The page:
In what is considered to possibly be one of the biggest cryptocurrency thefts in history, more than $600 million was stolen by hackers from Poly Network’s DeFi platform.

Poly Network exposed the heist on Twitter, urging the attackers to “return the hacked assets” as it looked to establish communication with those responsible on Tuesday.

As of Wednesday morning, the hackers had returned just over $4.7 million of the stolen assets.

Poly Network’s DeFi (decentralized finance) platform uses financial applications that rely on blockchain to make transactions without the need for brokerages and exchanges, creating a so-called cheaper and more efficient lending and borrowing system, according to CNBC.

On Wednesday, Poly Network said the “hacker exploited a vulnerability between contract calls, exploit was not caused by the single keeper as rumored.”

Poly Network said it was attacked on the @BinanceChain @ethereum and @0xPolygon blockchains, according to a tweet. CoinDesk reported that the theft broke down in $273 million stolen from ETH, $253 million taken in BSC coin, and $85 million in hacked USDC currency from the Polygon network.

Tether froze $33 million in assets, immediately locking the tokens, while Binance CEO Changpeng Zhao tweeted that the company was aware of the exploit, but there were no guarantees. Binance, which controls BSC and ETH, was coordinating with its security partners to help, according to Zhao.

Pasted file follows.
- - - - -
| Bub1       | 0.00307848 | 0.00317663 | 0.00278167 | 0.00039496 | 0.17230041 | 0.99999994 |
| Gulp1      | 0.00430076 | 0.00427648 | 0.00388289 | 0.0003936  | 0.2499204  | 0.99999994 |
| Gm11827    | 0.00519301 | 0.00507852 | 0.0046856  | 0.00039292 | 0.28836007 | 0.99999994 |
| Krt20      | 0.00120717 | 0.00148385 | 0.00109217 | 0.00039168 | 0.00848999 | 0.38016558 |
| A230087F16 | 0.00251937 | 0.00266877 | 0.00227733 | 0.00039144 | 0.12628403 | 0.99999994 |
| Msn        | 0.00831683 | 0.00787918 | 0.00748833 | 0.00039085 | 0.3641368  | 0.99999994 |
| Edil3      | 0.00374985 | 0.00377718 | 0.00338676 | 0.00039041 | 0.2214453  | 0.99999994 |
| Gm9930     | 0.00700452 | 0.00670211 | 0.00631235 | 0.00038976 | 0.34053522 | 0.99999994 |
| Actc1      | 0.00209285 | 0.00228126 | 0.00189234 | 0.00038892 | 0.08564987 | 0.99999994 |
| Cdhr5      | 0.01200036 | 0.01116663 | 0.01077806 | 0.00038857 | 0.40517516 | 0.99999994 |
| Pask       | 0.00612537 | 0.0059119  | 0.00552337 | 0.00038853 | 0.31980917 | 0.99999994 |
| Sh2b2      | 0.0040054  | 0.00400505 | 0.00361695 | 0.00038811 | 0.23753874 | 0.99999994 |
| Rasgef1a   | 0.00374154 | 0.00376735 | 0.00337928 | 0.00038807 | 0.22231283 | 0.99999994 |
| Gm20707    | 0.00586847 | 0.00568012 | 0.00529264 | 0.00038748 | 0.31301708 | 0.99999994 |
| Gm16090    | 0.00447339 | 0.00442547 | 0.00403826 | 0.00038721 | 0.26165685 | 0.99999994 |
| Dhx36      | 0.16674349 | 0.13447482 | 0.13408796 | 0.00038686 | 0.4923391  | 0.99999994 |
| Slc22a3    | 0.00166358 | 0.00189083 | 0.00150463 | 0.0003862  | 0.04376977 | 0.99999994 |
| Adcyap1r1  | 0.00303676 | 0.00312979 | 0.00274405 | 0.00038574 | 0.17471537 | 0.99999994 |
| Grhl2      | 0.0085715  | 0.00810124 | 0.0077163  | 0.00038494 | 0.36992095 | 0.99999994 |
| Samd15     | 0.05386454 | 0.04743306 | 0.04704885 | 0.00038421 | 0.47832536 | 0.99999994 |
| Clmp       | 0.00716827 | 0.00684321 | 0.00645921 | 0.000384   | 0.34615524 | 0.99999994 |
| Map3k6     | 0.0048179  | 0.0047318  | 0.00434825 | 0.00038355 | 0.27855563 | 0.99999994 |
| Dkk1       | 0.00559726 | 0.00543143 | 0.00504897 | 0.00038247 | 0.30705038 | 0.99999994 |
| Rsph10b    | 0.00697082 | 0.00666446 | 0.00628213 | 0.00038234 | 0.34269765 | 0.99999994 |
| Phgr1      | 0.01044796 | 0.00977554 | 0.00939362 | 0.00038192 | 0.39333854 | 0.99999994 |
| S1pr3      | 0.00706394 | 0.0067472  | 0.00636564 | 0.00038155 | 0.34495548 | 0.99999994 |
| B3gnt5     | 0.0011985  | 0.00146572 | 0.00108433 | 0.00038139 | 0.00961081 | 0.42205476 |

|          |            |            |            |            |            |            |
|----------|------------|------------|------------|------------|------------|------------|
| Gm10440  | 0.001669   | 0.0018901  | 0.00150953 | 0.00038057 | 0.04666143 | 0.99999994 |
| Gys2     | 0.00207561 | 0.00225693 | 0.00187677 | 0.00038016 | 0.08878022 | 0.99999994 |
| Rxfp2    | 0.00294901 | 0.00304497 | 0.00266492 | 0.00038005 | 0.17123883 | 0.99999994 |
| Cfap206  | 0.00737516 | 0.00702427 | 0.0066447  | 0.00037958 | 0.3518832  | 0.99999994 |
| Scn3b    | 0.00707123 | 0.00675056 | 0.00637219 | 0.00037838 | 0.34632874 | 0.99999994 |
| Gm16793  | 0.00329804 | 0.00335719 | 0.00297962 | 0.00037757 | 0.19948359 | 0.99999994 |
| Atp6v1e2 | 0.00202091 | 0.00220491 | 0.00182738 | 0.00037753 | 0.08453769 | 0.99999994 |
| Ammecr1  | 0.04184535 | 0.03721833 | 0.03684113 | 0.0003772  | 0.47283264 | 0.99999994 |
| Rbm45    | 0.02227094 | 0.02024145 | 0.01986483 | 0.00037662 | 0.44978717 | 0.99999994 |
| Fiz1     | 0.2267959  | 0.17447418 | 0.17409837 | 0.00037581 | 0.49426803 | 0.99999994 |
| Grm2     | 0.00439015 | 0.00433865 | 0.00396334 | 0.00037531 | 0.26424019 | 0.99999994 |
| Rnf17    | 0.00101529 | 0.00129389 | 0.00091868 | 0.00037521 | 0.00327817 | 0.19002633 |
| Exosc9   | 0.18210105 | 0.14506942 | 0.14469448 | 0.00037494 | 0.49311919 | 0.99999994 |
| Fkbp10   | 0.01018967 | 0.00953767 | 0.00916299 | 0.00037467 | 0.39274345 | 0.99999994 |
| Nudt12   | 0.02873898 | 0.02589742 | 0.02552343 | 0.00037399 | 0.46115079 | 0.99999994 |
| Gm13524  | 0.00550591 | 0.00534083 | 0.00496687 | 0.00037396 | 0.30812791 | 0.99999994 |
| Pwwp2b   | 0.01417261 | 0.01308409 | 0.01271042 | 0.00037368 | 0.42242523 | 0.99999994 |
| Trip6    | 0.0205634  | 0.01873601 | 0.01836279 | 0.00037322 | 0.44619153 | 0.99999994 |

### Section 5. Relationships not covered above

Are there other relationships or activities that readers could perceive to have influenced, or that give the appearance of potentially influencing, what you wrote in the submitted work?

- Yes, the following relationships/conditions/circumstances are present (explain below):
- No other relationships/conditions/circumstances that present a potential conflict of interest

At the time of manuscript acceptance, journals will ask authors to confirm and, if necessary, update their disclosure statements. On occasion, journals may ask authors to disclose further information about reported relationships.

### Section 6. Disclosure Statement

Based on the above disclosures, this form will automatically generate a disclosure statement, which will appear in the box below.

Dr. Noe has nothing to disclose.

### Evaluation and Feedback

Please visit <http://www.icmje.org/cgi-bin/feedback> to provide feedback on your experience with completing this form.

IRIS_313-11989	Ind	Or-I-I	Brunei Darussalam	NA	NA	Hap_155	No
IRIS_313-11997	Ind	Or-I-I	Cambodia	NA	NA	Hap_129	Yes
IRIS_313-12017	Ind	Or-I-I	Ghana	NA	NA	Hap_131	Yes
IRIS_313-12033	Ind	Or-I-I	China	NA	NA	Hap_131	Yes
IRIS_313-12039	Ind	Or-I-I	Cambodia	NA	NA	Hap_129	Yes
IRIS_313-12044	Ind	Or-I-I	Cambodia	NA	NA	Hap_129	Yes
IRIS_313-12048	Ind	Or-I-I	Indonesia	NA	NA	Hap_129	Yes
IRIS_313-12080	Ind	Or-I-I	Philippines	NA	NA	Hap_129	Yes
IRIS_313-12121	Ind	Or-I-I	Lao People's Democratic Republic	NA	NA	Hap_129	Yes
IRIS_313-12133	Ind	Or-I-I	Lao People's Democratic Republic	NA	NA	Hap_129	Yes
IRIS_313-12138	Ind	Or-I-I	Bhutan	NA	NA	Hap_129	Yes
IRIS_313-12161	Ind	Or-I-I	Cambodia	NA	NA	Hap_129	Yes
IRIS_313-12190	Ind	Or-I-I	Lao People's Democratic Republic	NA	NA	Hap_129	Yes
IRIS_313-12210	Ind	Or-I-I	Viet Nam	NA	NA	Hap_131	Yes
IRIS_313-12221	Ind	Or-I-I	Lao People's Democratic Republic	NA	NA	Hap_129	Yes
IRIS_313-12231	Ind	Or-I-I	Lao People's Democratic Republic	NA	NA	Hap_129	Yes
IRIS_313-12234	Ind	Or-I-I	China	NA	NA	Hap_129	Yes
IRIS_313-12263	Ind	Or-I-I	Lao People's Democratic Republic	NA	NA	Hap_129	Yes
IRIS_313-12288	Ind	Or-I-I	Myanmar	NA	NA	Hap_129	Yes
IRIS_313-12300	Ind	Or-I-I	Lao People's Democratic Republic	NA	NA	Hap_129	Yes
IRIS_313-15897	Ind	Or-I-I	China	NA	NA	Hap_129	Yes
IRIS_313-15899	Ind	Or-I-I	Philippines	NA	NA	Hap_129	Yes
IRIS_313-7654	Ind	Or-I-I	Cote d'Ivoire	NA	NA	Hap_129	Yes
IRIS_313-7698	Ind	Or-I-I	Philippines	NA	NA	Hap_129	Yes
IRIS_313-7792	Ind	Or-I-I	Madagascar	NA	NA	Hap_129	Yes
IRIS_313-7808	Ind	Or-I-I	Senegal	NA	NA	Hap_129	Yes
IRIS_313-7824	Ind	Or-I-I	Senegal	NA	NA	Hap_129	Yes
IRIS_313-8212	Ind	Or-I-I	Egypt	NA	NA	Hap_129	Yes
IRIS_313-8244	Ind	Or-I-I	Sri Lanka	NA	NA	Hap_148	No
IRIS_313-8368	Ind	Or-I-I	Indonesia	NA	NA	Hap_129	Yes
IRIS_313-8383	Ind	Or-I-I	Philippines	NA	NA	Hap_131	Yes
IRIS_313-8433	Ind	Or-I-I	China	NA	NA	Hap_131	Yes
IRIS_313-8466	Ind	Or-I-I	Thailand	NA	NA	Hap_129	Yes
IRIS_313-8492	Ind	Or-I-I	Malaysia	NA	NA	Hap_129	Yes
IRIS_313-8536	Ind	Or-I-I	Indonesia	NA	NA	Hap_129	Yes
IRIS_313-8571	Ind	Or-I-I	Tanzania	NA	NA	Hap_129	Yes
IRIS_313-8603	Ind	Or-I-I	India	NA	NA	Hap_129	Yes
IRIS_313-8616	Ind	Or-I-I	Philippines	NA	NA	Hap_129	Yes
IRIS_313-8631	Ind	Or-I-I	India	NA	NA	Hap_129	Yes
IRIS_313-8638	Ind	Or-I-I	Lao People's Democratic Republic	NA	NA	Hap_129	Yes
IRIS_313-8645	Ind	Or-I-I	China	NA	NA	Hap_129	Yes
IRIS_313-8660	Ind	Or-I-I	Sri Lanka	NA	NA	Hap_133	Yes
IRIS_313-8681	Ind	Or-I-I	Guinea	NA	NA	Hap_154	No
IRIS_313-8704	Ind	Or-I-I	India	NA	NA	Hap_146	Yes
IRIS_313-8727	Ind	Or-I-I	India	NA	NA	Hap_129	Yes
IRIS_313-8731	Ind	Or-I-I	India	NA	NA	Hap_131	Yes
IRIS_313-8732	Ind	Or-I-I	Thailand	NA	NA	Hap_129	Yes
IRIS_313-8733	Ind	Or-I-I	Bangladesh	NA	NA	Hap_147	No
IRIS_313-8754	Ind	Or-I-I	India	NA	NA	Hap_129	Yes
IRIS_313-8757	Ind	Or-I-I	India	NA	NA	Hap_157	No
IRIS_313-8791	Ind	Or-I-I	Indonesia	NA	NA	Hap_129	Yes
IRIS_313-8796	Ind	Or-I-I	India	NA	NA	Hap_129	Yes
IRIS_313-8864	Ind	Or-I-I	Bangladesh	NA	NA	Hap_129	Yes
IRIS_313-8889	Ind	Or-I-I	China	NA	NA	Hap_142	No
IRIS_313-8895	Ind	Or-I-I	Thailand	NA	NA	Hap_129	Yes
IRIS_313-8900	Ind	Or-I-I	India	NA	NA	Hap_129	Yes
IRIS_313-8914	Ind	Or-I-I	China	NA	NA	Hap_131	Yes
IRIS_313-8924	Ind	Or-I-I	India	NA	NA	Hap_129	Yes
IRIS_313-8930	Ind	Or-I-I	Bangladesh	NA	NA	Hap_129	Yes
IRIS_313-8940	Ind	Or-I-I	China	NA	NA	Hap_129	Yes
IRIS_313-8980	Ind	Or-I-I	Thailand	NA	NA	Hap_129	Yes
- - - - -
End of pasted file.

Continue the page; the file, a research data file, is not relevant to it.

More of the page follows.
Poly Network continued in its tweets to the attackers, “The amount of money you hacked is the biggest one in the DeFi history."

CoinDesk reported that security company SlowMist said that $610 million in cryptocurrency was transferred to three different addresses.

Researchers from SlowMist said that it had “grasped the attacker’s mailbox, IP, and device fingerprints.” The security company also said it was looking for additional “identity clues” related to the hack that is believed to be a “long-planned organized and prepared attack,” according to CoinDeck.

Poly Network told cryptocurrency exchanges to “blacklist tokens” that were coming from the addresses identified with the hackers in the cyberattack.

Poly Network said on Twitter, “We will take legal actions and we urge the hackers to return the assets.”

Since the beginning of 2021, DeFi thefts have totaled $361 million, up nearly three times that of 2020, according to CipherTrace, a cryptocurrency compliance company, as reported by CNBC.

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